Researchers found a number of security holes in virtual machines created on Amazon Web Services. But, surprise! The problem wasn't with Amazon, but the customers themselves.
researchers uncovered multiple security problems within Amazon's cloud-computing
services caused by customers ignoring or forgetting security tips.
looked at some 1,100 Amazon Machine Images and found a majority of them
contained security keys used to authenticate with other services and servers,
Thomas Schneider, a post-doctoral researcher in the System Security Lab of
Technische Universitat Darmstadt, wrote
in a paper
[customers] just forgot to remove their API keys from machines before
publishing," Schneider said.
Images are preconfigured operating systems and application software used to
create virtual machines. Anyone can create these images and allow others to use
them when rolling out their own virtual infrastructure. Anyone with an Amazon
Web Services account can browse through the public AMIs.
found that the private keys used to authenticate with Amazon services such as EC2
(Elastic Compute Cloud) or S3 (Simple Storage Service) were published in those
AMIs. About a third of the studied AMIs also contained SSH (Secure Shell) host
keys or user keys. SSH is a common tool used to log into and manage a virtual
machine and the keys authenticate the user onto the server.
host key is removed and replaced from the AMI, every virtual machine created
from that image will use the same key, creating the possibility of a malicious
user impersonating the server and launching phishing attacks. SSH user keys are
also used for root-privileged log-ins. With the user keys, the interloper can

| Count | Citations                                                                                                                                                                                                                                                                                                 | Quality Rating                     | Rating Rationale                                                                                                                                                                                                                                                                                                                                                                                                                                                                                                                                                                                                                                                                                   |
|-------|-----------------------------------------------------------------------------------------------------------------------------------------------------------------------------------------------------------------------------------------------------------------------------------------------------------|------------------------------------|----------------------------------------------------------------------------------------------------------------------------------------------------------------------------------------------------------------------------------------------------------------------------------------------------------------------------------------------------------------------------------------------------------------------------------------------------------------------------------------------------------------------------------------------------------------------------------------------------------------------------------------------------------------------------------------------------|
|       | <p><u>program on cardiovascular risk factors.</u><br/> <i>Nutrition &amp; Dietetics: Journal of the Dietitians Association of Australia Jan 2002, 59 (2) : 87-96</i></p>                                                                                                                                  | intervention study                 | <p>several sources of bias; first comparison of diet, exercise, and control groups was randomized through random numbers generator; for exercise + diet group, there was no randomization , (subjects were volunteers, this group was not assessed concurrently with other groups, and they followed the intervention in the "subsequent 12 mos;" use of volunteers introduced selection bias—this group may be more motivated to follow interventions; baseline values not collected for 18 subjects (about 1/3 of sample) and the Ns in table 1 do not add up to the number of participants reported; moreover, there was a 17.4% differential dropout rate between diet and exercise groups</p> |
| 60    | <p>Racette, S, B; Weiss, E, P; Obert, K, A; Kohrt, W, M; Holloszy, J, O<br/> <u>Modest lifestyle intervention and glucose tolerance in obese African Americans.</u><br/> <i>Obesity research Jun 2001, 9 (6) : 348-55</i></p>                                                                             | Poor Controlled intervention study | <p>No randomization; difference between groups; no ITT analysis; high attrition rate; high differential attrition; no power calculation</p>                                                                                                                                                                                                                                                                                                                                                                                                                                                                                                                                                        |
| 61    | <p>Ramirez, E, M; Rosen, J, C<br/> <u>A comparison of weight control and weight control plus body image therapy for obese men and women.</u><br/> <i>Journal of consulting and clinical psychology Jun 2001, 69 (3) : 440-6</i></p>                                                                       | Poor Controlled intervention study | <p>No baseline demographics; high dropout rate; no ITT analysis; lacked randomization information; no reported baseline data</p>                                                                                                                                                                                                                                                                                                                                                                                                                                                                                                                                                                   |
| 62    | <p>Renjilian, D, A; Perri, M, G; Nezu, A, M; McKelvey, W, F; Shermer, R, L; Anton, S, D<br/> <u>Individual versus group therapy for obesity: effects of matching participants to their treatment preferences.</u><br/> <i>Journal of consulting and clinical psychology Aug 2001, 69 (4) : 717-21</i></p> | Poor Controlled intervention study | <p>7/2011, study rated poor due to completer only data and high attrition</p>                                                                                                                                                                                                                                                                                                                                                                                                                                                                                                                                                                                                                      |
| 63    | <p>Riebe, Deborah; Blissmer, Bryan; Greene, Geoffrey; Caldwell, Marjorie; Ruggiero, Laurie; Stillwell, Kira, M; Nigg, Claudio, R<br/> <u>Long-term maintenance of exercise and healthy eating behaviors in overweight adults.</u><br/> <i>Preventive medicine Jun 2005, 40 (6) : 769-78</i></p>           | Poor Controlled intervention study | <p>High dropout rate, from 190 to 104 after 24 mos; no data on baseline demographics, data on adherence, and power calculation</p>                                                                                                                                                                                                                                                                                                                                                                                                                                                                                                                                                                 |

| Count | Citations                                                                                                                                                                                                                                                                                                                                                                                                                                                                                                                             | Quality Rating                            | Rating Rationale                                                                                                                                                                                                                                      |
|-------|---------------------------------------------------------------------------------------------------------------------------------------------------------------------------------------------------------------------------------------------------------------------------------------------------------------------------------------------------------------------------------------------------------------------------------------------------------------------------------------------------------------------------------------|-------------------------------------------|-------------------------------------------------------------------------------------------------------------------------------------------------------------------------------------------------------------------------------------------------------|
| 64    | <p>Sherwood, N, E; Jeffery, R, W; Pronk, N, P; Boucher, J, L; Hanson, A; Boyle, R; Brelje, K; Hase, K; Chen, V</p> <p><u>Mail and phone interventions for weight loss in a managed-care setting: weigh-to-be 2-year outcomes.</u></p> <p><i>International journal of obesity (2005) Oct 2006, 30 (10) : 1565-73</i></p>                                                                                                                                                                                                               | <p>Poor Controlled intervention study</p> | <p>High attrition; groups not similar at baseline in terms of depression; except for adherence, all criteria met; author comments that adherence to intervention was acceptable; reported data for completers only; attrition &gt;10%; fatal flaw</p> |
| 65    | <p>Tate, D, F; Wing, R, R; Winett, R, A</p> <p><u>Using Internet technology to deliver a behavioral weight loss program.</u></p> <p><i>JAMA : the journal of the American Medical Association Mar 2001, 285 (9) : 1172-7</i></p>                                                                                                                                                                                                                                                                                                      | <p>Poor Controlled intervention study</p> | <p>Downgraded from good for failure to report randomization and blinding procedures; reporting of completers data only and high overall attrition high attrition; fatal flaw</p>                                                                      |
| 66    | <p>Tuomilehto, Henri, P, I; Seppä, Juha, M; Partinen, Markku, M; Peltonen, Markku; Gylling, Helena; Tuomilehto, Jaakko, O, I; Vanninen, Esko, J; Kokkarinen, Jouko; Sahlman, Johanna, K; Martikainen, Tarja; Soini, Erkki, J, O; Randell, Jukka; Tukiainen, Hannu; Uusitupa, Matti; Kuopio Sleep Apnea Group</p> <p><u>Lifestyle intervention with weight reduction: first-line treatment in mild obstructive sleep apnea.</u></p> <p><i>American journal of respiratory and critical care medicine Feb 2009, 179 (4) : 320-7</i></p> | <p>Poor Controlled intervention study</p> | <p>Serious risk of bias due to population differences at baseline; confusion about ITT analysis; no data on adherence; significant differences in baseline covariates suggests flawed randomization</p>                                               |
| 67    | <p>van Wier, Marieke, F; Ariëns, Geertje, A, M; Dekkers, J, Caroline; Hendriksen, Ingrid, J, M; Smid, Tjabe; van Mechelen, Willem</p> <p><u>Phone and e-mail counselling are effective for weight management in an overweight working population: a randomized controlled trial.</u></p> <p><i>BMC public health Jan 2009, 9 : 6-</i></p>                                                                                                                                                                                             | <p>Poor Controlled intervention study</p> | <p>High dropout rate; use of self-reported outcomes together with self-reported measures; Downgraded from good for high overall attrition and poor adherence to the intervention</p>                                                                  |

log in using super-user privileges unless the owner discovers and closes the
"backdoor," researchers said.
authentication keys for EC2 and S3, any third-party miscreant can connect and
create "virtual infrastructure worth several thousands of dollars per day
at the expense" of the original customer, the researchers found.
The AMIs also
contained valid SSL (Secure Sockets Layer) certificates and their private keys,
which would allow attackers to impersonate the servers. The researchers also
uncovered source code for unpublished software products, passwords and personal
identifiable information such as pictures and notes.
Services is very easy to use, and customers can easily purchase and roll out
servers and storage services. It's also so easy to use that users are creating
virtual machines without following Amazon's recommendations on security and
implementation, according to Schneider.
guidelines are very detailed," Schneider said.
experts have paid close attention to underlying cloud infrastructures and
providers, but have underestimated or ignored the "threats caused by the
cloud customers when constructing services," the researchers said. Flawed
configurations meant anyone could harvest critical data such as passwords and
cryptographic keys and certificates from virtual machines. Attackers would be
able to "operate criminal virtual infrastructures, manipulate Web services
and circumvent security mechanisms," the researchers wrote.
endanger themselves and other users with the "careless and error-prone
manner" in which AMIs are handled and deployed, the researchers said.
researchers uncovered the problem, they contacted Amazon Web Services with
their findings at the end of April. Amazon notified those account holders of
the security issues, Schneider said.
The study was
done by the Center for Advanced Security Research Darmstadt and the Fraunhofer
Institute for Security in Information Technology in Darmstadt, Germany.